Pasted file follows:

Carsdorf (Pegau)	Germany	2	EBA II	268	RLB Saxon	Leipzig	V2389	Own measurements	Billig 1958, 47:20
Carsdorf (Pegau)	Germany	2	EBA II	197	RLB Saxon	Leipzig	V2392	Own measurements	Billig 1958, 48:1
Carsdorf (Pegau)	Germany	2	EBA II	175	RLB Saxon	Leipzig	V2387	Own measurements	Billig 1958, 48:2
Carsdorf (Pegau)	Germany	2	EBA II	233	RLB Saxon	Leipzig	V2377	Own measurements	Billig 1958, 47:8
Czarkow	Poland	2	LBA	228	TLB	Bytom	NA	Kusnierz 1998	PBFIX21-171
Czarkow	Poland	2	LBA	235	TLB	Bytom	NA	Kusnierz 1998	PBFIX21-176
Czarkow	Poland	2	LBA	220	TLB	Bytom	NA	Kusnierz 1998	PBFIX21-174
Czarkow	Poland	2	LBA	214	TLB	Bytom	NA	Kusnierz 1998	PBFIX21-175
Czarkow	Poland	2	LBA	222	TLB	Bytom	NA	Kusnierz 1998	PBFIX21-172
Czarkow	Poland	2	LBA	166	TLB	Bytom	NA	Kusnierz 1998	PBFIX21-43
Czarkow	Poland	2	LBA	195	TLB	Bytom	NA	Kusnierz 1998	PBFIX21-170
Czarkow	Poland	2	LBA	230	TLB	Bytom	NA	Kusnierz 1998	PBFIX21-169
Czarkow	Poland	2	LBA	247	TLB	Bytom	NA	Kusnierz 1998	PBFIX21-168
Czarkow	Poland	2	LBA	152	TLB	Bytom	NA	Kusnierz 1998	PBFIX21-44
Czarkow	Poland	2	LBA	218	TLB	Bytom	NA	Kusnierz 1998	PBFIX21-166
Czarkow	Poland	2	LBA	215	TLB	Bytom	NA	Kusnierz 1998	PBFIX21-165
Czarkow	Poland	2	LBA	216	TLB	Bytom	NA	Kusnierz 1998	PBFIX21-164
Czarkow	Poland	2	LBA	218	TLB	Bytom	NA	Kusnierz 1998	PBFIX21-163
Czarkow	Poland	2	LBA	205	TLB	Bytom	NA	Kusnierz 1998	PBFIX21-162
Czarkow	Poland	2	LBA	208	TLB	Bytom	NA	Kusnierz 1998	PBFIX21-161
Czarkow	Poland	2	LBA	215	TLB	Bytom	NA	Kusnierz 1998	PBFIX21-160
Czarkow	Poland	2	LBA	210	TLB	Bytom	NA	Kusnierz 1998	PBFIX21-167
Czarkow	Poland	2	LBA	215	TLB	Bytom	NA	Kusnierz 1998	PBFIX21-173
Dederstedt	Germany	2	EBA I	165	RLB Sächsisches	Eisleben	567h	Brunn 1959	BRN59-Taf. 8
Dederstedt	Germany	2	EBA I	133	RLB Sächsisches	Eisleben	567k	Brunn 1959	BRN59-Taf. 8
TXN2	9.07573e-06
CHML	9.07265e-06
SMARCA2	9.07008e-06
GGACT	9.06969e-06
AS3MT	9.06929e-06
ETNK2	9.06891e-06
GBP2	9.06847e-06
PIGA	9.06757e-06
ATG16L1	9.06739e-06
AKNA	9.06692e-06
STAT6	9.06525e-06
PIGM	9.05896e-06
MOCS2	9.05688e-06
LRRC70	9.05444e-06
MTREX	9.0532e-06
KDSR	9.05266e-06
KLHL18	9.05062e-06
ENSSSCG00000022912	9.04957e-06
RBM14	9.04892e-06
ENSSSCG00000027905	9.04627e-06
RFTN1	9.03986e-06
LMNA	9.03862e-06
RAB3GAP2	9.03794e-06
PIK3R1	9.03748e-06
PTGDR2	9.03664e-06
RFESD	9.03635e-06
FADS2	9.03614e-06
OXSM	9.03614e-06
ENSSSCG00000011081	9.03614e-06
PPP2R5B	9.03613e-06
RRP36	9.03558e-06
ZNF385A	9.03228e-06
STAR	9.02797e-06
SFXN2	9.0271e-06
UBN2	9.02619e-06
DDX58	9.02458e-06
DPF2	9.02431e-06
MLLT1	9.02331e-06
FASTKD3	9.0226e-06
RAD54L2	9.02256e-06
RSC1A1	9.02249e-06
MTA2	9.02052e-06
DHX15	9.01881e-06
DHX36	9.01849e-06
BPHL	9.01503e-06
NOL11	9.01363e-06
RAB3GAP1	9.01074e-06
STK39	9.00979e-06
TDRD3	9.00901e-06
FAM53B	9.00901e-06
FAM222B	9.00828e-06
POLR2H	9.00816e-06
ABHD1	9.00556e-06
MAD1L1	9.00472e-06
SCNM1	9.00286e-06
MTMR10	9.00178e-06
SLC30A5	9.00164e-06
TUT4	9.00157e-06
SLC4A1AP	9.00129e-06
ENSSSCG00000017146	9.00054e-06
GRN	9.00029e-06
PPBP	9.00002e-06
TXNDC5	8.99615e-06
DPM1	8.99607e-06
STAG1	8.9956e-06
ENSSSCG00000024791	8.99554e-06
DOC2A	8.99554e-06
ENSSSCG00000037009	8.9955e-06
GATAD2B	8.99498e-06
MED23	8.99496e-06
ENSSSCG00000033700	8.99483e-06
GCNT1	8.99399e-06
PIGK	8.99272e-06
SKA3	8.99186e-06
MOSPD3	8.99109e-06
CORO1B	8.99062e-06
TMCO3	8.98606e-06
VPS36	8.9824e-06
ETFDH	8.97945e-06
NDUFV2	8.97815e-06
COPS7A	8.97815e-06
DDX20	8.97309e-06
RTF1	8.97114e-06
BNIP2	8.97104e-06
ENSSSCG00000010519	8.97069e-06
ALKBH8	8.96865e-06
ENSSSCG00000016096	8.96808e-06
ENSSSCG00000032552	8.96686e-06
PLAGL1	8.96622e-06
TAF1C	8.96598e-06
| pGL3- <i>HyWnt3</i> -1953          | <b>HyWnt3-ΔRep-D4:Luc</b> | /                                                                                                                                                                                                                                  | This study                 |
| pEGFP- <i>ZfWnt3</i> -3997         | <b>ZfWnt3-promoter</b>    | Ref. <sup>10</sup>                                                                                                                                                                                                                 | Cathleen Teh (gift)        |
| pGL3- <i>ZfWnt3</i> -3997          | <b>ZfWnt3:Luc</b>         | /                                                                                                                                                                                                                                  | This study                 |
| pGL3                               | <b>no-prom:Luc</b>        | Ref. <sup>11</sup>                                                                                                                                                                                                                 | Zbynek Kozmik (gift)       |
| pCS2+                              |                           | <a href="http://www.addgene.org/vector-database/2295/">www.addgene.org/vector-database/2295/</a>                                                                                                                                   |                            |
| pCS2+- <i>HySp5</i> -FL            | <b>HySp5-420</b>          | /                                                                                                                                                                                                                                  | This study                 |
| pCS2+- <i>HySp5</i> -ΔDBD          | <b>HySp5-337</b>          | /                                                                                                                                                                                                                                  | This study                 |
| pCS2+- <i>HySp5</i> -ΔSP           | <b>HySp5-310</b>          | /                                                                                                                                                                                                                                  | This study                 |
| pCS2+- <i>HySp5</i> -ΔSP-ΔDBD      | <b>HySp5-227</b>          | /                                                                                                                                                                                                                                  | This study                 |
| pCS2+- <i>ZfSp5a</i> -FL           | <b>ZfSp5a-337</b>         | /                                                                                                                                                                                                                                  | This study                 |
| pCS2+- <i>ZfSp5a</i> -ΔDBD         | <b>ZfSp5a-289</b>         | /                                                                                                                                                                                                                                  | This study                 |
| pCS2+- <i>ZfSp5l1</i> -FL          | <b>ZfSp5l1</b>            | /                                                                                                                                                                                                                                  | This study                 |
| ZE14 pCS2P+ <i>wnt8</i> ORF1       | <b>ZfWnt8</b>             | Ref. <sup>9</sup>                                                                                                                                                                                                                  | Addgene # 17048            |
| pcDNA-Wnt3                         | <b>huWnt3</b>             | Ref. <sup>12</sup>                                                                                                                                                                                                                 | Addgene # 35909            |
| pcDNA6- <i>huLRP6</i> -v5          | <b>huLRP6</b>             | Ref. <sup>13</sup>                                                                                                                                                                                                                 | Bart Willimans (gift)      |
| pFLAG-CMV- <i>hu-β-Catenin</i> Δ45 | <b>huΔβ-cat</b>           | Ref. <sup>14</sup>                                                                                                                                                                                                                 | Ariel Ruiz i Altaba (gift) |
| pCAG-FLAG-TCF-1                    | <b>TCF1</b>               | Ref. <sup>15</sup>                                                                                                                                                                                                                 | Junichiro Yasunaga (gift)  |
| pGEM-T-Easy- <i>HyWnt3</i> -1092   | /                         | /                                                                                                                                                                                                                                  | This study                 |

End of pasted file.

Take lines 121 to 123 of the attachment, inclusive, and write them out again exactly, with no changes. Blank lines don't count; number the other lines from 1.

| pCS2+- <i>HySp5</i> -FL            | <b>HySp5-420</b>          | /                                                                                                                                                                                                                                  | This study                 |
| pCS2+- <i>HySp5</i> -ΔDBD          | <b>HySp5-337</b>          | /                                                                                                                                                                                                                                  | This study                 |
| pCS2+- <i>HySp5</i> -ΔSP           | <b>HySp5-310</b>          | /                                                                                                                                                                                                                                  | This study                 |